Our Lung HelpLine is answering questions about COVID-19. Contact our Lung HelpLine by calling 1-800-LUNGUSA or submitting a question online.

What Is COVID-19?

COVID-19, short for COronaVIrus Disease 2019, is a respiratory illness caused by a novel coronavirus first detected in China in late 2019. Early transmission of the coronavirus was linked to an animal market, suggesting animal-to-person infection. By January 2020, with the spread of coronavirus disease to over 100 other locations, including the U.S., the World Health Organization (WHO) officially declared the outbreak a public health emergency and later, a pandemic. Only months later, confirmed cases of COVID-19 were recorded in almost every country around the world.

How It Affects Your Body

The lungs are the first body organ affected by COVID-19. In the early days of an infection, the novel coronavirus rapidly invades cells in our respiratory system. COVID-19 is thought to attack the epithelial cells lining the airways—that catch and clear out things like pollen and viruses—flooding our airways with debris and fluids.

People who become sick with COVID-19 may experience mild to severe disease, or in many cases be asymptomatic (have no symptoms). COVID-19 symptoms, such as cough and shortness of breath, can come on suddenly. Severe illness may cause a number of complications that require medical intervention, including:

  • Pneumonia
  • Acute respiratory distress syndrome
  • Cardiac disease
  • Blood clots
  • Kidney disease
  • Organ failure

COVID-19 can be fatal for anyone, though the greatest percentage of individuals who die are over the age of 85 or are living with a chronic disease as listed at the bottom of the page.

Some individuals, even those with mild illness that did not require hospitalization, experience prolonged or new symptoms post-infection. Learn more about post-COVID long term symptoms.

Watch this video from The New York Times that shows how coronavirus attacks the body.

People at Higher Risk for Severe Illness

The novel coronavirus has never before been seen in humans so we have no immunity to it and everyone is at risk of becoming infected with SARS-CoV-2, the virus that causes COVID-19. Some individuals, such as healthcare professionals and those caring for people sick with COVID-19, are more likely to get infected than others.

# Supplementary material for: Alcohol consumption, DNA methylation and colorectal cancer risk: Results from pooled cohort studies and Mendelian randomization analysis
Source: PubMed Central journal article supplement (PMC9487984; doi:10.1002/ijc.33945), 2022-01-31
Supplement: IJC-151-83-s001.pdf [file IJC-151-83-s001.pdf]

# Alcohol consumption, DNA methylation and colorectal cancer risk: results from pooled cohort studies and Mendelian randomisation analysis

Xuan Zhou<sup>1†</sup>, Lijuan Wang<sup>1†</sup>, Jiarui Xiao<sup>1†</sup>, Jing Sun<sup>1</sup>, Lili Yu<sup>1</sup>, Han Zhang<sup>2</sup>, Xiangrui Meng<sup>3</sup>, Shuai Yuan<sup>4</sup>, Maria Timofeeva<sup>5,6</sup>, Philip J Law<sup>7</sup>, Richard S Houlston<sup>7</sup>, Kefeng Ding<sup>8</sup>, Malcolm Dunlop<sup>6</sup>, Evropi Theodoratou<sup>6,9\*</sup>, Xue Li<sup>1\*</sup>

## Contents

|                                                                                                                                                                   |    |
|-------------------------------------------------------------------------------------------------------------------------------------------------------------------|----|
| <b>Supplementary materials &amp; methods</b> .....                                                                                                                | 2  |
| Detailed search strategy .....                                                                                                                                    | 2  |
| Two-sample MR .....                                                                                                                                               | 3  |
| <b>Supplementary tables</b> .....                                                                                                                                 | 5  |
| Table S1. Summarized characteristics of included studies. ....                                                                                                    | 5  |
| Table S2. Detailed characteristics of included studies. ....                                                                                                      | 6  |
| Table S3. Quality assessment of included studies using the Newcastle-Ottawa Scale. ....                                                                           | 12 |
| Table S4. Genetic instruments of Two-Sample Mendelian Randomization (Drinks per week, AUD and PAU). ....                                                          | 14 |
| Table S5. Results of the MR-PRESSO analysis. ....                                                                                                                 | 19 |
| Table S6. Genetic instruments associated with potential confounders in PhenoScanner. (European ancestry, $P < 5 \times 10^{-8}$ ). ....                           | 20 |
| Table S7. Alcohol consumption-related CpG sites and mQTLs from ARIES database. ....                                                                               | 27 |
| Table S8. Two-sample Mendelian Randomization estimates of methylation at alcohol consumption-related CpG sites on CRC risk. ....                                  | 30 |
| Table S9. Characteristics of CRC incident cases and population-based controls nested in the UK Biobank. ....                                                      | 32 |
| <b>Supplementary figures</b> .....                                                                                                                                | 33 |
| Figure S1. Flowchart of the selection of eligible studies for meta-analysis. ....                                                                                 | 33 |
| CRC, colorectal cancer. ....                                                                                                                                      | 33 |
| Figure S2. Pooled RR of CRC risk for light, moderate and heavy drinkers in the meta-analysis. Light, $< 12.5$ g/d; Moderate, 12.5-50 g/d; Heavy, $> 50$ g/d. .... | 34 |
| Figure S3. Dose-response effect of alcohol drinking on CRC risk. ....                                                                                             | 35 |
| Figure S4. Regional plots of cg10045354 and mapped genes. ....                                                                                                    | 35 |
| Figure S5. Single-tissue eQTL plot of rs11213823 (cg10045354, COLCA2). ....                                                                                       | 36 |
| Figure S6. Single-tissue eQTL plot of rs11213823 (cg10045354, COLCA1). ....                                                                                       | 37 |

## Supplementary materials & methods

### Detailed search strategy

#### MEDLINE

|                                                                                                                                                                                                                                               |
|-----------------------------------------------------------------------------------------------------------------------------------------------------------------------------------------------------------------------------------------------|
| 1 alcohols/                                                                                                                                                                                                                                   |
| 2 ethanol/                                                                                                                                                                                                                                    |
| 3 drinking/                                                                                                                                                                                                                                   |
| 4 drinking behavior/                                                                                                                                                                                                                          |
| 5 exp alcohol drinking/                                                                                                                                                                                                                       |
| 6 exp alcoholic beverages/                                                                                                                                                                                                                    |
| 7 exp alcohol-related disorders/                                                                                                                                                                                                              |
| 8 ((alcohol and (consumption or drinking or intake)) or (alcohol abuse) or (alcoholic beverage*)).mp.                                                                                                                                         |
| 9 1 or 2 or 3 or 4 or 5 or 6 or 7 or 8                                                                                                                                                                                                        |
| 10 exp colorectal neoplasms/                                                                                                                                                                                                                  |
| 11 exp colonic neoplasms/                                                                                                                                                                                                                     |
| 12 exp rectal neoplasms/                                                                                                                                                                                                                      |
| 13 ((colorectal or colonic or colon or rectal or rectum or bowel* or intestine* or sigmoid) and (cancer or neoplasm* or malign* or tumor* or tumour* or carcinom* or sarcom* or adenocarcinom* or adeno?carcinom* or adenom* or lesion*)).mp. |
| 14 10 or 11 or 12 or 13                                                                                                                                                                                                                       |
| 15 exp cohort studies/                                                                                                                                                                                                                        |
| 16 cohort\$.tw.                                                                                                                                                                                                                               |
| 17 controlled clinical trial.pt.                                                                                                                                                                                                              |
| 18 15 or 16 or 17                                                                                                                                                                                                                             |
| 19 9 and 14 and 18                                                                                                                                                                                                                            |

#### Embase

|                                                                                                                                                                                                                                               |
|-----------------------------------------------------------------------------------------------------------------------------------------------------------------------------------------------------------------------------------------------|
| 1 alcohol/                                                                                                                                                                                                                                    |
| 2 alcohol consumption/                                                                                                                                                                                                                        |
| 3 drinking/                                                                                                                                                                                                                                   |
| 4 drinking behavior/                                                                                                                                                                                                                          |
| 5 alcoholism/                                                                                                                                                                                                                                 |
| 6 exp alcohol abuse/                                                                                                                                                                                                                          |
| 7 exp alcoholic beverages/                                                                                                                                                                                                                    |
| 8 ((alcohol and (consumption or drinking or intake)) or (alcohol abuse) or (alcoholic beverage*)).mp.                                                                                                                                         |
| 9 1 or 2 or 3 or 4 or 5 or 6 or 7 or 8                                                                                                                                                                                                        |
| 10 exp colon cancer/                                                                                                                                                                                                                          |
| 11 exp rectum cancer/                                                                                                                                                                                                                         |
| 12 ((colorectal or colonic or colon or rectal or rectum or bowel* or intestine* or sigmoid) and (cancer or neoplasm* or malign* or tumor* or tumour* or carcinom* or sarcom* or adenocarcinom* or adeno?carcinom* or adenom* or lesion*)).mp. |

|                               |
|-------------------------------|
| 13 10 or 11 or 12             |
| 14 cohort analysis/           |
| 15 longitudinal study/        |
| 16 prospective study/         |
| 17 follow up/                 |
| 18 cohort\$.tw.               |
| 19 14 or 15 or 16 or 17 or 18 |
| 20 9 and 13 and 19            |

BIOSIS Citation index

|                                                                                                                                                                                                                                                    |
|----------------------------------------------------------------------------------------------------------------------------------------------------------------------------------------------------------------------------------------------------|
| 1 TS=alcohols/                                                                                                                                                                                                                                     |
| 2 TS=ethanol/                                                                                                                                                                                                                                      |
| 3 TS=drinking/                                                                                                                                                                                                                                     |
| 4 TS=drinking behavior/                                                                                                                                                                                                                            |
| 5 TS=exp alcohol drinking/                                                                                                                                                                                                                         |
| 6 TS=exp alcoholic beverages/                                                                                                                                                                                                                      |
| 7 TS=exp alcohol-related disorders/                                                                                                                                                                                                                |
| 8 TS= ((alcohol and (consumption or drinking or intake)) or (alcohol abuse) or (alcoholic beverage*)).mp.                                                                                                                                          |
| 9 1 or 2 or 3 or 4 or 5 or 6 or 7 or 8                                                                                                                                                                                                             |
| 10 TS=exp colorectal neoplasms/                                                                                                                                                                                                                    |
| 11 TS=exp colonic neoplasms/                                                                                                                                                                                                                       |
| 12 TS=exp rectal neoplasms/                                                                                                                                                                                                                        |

Anyone can have mild to severe symptoms from COVID-19, and some people are asymptomatic (have no symptoms). There are some individuals who are at higher risk for severe illness, meaning they may end up needing to be hospitalized, put in the intensive care unit, need a ventilator to help them breath or they may even die. 

Based on current information:

  • Risk increases as you age so the older you are, the higher your risk with the greatest threat being to individuals over the age of 85 years old
  • People of all ages with underlying medical conditions, particularly if not well controlled, including:
    • People with chronic lung diseases including:
          • Chronic obstructive pulmonary disease (COPD), including emphysema and chronic bronchitis
          • Asthma that is moderate to severe
          • Having damaged or scarred lung tissue such as interstitial lung disease, including idiopathic pulmonary fibrosis
          • Cystic fibrosis
          • Pulmonary hypertension
    • People who are immunocompromised from solid organ transplantation.
    • People living with a current cancer diagnosis, including lung cancer.
    • People who are a current or former smoker
    • People who are overweight (body mass index [BMI] of 25 or higher), with obesity (body mass index [BMI] of 30 or higher) and especially severe obesity (BMI of 40 or higher)
  • Other medical conditions including serious heart conditions, type 1 or 2 diabetes, sickle cell disease, pregnancy, Down Syndrome, neurological conditions such as dementia, HIV infection, having a weakened immune system, liver disease, have cerebrovascular disease, substance use disorders (including alcohol, opioids or cocaine use) and people with chronic kidney disease.

Children have been less affected by severe illness from COVID-19 than adults, though they can also experience severe symptoms up to and including death. Limited evidence suggests children with medical complexity or with genetic, neurologic, metabolic conditions or congenital heart defects can be at increased risk for severe illness. 

Similar to adults, children with underlying medical conditions might place them at increased risk, including asthma and other chronic lung diseases, obesity, sickle cell disease, and immunosuppression due to cancer or immune-weakening medications. 

The American Lung Association is closely following reports issued by the Centers for Disease Control and Prevention (CDC) and will help relay important public health information provided by the agency. We encourage you to follow along for all in-the-moment updates.
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Reviewed and approved by the American Lung Association Scientific and Medical Editorial Review Panel.

Page last updated: April 14, 2021

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